Background: - Vitamin E is an antioxidant that reduces the damaging effects of oxygen in the body. Most American men (90%) and women (96%) do not get enough vitamin E from their diets; however, the amount of vitamin E needed by the body has been studied only in men, not women. In addition, it is unknown whether another antioxidant, vitamin C, helps vitamin E in protecting the body. Because vitamin E is a fat-soluble vitamin, how much body fat a person has could affect the amount of vitamin E needed for protection. Objectives: This study has three arms to examine vitamin E requirements: - To determine the amount of fat required to get the best vitamin E absorption from a meal. - To determine the amount (i.e., best dose) of vitamin E that must be consumed before it can be measured in the blood. - To examine how vitamin E and vitamin C work together in the body, in conjunction with diet and vitamin supplements. Eligibility: - Arms 1 and 2: Women between the ages of 18 and 40 years who have a normal weight and body mass index (BMI) of 27 or less. - Arm 3: Women between the ages of 18 and 40 years who have a normal weight (BMI 27), who are overweight (BMI > 27), or who are overweight (BMI > 27) and have non insulin-dependent diabetes. Design: - Arm 1: Five studies, each lasting 1 month with 1 month off between studies (total study = 10 months). Participants will take 500 1,000 mg of vitamin C twice daily for 2 weeks before admission to the clinical center for 1 week. - Study 1: Participants will eat breakfast containing a known amount of fat, after which they will take a vitamin E pill as well as receive an IV injection of vitamin E. Other foods contain only negligible amounts of vitamin E. Blood and urine samples will measure levels of vitamin E and other substances. - Studies 2 5: Outpatient visits will consist of the same tests as in Study 1; however, the amount of fat in the breakfast will range from 0% to 40% in random order. During one of the studies, an adipose tissue biopsy will be collected to determine how much vitamin E is in the tissues. - Arm 2: Five studies, each lasting 1 month with 1 month off between studies (total study = 10 months). Preparation for Arm 2 is the same as in Arm 1. The proportion of fat, muscle, and water in the body will also be measured. - Study 1: Participants will eat breakfast containing 30% fat, after which they will take a vitamin E pill as well as receive an IV injection of vitamin E. Conditions and procedures are the same as in Arm 1. - Studies 2 5: Outpatient visits will consist of the same tests as in Study 1; however, the amount of vitamin E in the breakfast will range from 2 to 30 mg in random order. - Arm 3: Outpatient (2 to 6 weeks) and inpatient studies (4 to 6 weeks). - Outpatient study: Participants will take 500 1,000 mg of vitamin C daily and provide blood and urine samples, as well as an adipose tissue sample. - Inpatient studies: Two vitamin E inpatient studies. Before these begin, participants vitamin C blood levels will be reduced by means of a diet low in vitamin C. Blood tests will determine how quickly vitamin C leaves the body. Once the vitamin C level is reduced, the first vitamin E study will begin. Study A: The procedure for this study is the same as in Arm 2, Study 1. Study B: The procedure for this study is the same as in Study A, except that the participants blood vitamin C levels will be higher.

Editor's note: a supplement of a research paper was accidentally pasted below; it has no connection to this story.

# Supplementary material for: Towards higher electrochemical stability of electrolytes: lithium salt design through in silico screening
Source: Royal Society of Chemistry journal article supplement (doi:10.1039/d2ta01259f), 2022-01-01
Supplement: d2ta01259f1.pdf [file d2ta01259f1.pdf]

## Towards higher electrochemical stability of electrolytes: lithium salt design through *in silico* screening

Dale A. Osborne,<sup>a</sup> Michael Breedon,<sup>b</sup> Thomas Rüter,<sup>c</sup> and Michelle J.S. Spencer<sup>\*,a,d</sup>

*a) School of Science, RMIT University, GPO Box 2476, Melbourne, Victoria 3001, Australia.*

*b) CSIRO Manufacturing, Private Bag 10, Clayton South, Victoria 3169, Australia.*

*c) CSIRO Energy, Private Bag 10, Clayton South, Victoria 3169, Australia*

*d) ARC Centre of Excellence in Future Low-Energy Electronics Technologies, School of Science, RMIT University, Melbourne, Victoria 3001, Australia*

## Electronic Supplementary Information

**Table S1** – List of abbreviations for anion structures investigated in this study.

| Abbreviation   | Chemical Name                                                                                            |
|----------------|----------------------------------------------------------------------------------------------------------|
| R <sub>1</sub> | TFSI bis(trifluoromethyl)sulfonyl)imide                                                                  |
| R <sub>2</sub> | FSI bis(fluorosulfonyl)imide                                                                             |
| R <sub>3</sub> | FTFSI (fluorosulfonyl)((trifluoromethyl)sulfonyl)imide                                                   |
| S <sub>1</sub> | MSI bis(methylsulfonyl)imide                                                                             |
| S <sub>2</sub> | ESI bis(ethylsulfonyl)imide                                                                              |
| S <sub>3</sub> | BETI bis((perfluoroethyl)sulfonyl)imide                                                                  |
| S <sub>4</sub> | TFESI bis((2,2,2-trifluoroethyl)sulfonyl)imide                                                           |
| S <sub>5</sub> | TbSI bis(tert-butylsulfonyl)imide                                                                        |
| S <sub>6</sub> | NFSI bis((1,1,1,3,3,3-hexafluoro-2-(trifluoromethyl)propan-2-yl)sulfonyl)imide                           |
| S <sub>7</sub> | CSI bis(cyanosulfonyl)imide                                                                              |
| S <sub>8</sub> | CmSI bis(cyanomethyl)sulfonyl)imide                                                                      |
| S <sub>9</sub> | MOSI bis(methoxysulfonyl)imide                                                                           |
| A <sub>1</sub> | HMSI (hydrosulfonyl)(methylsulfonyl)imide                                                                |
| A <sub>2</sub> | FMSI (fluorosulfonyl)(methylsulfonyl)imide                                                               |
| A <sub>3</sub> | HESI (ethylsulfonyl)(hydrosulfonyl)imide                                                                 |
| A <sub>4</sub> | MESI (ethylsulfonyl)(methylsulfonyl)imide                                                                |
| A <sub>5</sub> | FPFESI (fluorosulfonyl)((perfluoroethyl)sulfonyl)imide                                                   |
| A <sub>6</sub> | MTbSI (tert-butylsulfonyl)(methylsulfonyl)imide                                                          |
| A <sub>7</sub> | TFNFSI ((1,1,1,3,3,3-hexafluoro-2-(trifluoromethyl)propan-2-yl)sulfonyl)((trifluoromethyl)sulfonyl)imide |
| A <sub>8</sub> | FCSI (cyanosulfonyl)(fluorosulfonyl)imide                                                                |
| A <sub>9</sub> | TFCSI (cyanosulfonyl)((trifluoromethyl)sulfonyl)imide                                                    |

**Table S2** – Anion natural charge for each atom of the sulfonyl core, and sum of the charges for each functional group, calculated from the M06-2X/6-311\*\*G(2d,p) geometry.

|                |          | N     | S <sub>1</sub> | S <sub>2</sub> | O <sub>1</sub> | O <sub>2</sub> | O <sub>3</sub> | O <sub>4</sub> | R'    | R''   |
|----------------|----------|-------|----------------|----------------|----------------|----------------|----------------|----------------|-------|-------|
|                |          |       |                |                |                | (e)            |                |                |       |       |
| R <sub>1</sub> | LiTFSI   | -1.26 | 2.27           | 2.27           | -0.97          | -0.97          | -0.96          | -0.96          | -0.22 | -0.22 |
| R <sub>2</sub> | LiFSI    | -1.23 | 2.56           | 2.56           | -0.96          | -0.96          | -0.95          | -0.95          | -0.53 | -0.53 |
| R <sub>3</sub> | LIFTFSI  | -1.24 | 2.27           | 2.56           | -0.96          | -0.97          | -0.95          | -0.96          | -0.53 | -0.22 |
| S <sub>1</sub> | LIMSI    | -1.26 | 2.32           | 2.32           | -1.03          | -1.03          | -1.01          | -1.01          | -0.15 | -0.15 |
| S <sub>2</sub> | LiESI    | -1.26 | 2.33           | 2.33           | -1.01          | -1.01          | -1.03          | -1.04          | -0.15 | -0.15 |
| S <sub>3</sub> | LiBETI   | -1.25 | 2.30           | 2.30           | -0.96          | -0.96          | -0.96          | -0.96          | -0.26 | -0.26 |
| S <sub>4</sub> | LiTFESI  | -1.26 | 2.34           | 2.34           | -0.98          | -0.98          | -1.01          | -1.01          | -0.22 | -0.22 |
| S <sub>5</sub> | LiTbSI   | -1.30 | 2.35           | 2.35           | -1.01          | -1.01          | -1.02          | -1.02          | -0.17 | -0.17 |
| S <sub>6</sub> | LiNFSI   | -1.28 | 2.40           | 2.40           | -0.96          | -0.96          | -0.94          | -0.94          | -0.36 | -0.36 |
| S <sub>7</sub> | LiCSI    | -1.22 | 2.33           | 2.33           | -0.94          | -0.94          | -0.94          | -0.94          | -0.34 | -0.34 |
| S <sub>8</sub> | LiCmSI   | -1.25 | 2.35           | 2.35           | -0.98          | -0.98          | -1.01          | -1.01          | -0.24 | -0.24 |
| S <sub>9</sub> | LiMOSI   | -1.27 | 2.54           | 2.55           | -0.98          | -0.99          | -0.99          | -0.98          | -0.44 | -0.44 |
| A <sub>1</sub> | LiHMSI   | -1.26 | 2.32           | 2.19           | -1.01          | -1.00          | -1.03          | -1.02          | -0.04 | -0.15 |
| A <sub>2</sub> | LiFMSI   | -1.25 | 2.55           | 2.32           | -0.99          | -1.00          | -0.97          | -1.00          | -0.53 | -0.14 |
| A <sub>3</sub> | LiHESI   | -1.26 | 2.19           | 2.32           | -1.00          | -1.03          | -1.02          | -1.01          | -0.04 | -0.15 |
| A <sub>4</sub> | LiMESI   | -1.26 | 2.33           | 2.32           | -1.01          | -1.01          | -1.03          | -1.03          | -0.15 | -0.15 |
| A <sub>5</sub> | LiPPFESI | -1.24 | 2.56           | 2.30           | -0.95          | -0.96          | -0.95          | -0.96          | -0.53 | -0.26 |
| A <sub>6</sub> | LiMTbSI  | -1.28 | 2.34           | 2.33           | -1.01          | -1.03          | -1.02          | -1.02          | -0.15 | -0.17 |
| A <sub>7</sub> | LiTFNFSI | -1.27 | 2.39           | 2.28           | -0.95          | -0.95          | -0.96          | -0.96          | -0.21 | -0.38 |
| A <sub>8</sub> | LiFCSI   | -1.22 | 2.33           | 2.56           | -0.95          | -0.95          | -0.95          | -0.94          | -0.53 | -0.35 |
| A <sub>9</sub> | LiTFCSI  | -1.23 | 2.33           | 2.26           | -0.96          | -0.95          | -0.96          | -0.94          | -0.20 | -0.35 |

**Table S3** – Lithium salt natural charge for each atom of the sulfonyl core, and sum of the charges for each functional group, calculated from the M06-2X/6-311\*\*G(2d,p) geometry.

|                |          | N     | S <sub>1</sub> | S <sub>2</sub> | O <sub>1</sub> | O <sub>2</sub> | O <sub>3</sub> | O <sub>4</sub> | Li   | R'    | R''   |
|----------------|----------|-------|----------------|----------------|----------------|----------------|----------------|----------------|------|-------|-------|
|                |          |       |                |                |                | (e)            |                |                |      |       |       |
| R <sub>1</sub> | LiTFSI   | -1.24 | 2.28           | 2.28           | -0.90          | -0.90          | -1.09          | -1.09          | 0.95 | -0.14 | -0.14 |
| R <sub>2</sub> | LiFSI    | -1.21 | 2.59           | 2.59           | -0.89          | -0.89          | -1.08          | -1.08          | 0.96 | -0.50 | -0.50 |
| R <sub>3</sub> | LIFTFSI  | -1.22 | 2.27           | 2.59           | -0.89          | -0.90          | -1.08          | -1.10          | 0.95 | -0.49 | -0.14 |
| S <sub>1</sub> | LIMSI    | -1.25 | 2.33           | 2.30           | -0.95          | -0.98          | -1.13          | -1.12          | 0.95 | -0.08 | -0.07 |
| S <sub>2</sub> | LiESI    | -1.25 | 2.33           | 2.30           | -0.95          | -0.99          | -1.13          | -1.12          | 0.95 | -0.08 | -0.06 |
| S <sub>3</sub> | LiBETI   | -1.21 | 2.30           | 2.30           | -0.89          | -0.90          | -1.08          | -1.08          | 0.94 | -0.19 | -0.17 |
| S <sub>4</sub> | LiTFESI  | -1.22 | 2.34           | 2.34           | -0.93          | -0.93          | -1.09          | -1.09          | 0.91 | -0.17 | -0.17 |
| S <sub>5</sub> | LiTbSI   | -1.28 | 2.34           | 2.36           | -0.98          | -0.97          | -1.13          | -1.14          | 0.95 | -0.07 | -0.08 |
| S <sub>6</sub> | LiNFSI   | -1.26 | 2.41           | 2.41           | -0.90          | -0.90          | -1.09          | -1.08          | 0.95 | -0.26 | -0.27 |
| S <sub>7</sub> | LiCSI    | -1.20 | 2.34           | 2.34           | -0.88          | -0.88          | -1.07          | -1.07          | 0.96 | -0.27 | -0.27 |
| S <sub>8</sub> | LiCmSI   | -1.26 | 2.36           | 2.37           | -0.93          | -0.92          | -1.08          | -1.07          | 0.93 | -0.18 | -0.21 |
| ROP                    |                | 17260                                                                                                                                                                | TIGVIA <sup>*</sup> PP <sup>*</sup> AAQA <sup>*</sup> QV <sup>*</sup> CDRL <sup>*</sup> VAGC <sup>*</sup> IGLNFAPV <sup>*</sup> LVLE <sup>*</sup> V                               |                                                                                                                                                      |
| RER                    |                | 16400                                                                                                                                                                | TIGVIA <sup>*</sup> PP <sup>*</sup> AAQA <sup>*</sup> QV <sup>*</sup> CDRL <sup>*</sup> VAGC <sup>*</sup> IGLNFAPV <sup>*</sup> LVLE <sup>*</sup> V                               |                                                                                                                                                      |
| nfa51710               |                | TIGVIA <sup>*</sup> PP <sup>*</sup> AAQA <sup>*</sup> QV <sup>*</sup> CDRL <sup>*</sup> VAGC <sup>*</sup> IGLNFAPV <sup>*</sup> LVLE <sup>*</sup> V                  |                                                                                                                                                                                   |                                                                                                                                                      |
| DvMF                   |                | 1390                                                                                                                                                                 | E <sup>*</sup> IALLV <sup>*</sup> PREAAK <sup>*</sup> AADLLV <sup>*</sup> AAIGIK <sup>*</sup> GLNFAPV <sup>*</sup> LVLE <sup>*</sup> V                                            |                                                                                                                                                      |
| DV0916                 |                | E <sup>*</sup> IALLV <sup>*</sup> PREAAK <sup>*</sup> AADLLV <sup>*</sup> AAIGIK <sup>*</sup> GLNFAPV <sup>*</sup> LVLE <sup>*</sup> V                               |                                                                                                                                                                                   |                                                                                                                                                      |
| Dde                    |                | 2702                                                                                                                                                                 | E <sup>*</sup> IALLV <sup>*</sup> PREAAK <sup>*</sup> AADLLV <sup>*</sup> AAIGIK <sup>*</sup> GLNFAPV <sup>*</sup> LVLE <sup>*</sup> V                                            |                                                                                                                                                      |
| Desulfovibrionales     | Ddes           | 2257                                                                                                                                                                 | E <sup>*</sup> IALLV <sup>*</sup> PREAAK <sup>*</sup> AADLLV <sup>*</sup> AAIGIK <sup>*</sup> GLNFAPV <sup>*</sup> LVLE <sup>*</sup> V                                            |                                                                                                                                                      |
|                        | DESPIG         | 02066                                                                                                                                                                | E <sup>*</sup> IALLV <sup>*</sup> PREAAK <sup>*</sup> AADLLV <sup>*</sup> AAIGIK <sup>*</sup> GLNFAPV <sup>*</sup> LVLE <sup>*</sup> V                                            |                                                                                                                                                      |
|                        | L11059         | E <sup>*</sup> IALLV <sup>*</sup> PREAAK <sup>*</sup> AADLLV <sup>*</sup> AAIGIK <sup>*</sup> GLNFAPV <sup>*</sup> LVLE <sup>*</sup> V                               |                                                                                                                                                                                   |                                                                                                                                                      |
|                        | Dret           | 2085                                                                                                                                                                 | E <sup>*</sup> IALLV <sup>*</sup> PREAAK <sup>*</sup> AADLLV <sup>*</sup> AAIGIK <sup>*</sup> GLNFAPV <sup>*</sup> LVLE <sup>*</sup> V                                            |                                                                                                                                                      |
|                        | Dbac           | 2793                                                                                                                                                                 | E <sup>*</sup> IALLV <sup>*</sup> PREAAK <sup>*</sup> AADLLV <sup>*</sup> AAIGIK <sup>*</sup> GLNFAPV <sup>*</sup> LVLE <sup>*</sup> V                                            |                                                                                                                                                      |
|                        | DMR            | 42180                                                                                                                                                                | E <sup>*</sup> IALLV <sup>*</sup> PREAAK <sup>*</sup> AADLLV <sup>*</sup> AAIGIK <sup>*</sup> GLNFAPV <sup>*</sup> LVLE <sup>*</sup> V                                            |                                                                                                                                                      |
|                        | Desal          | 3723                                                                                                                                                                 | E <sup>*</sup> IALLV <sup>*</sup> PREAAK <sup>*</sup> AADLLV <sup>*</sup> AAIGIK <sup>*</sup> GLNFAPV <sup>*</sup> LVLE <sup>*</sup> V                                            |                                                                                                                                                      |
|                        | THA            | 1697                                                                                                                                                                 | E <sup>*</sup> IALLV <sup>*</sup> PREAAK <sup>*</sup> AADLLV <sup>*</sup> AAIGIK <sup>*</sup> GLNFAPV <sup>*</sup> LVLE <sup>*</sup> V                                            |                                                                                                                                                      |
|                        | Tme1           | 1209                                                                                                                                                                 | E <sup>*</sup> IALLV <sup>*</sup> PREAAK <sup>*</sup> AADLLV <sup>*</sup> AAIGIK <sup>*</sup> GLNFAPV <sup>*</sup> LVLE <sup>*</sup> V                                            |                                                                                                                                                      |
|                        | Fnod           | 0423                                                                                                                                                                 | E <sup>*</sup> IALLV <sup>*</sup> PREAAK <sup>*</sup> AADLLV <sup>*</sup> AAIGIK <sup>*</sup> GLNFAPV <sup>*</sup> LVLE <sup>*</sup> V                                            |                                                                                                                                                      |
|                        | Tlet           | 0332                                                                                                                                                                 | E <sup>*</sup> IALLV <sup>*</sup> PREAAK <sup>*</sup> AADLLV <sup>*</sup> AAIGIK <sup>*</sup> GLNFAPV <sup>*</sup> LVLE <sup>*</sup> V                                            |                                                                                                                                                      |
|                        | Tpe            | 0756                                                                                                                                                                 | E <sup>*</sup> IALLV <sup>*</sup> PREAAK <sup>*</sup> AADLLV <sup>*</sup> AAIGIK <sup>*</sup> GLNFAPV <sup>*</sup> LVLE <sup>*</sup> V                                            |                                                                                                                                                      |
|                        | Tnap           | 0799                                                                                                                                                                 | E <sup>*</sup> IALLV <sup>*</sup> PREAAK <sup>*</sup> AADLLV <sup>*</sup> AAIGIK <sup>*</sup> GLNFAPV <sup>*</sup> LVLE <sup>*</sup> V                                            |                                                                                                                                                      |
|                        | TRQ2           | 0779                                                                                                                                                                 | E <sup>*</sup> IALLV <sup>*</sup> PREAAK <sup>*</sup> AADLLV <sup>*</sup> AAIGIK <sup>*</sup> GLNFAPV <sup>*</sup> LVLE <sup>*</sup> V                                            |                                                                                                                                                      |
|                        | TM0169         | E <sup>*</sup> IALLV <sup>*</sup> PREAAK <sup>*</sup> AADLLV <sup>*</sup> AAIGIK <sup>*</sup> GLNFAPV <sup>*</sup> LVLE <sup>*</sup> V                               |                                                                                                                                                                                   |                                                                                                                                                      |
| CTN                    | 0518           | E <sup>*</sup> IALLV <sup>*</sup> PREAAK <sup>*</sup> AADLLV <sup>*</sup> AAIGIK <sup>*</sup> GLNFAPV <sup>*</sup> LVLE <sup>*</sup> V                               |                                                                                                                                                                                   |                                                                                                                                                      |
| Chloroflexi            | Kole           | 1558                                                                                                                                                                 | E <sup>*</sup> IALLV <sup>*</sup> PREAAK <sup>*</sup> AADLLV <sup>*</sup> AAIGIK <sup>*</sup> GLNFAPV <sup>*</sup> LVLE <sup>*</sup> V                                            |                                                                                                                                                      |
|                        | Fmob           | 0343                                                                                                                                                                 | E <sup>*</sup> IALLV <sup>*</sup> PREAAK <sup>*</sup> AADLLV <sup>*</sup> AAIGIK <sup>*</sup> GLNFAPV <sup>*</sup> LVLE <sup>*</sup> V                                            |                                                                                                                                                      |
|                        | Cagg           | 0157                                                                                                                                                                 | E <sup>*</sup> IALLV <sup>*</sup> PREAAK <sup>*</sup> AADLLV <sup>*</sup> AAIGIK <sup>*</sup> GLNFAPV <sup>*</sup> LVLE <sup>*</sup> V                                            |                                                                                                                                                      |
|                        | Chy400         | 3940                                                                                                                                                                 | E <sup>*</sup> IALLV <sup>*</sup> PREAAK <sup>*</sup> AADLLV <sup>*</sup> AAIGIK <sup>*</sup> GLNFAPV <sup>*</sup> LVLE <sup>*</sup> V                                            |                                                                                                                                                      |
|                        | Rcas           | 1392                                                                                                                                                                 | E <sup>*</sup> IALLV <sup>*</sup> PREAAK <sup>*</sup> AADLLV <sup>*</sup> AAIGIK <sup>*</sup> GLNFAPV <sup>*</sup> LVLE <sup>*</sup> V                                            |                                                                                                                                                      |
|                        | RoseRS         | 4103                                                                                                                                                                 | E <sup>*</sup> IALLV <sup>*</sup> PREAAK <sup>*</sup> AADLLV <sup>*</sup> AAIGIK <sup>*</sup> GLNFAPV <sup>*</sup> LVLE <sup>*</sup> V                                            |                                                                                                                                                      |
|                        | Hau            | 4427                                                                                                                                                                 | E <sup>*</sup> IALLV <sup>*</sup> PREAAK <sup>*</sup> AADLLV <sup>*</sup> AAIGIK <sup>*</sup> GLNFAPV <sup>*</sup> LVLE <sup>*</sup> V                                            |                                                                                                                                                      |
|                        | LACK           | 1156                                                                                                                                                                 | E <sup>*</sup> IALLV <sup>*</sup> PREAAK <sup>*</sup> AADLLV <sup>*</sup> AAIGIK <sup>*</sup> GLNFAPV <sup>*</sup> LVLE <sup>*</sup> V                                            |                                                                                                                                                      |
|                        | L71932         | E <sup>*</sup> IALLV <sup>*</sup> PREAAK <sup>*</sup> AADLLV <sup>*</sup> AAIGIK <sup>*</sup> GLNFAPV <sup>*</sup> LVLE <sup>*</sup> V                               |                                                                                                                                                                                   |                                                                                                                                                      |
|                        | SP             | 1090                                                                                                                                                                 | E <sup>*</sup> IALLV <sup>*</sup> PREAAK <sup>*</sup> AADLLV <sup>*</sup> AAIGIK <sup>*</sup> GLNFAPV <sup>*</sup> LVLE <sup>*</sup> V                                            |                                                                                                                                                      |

The trial is Open with a status of Recruiting.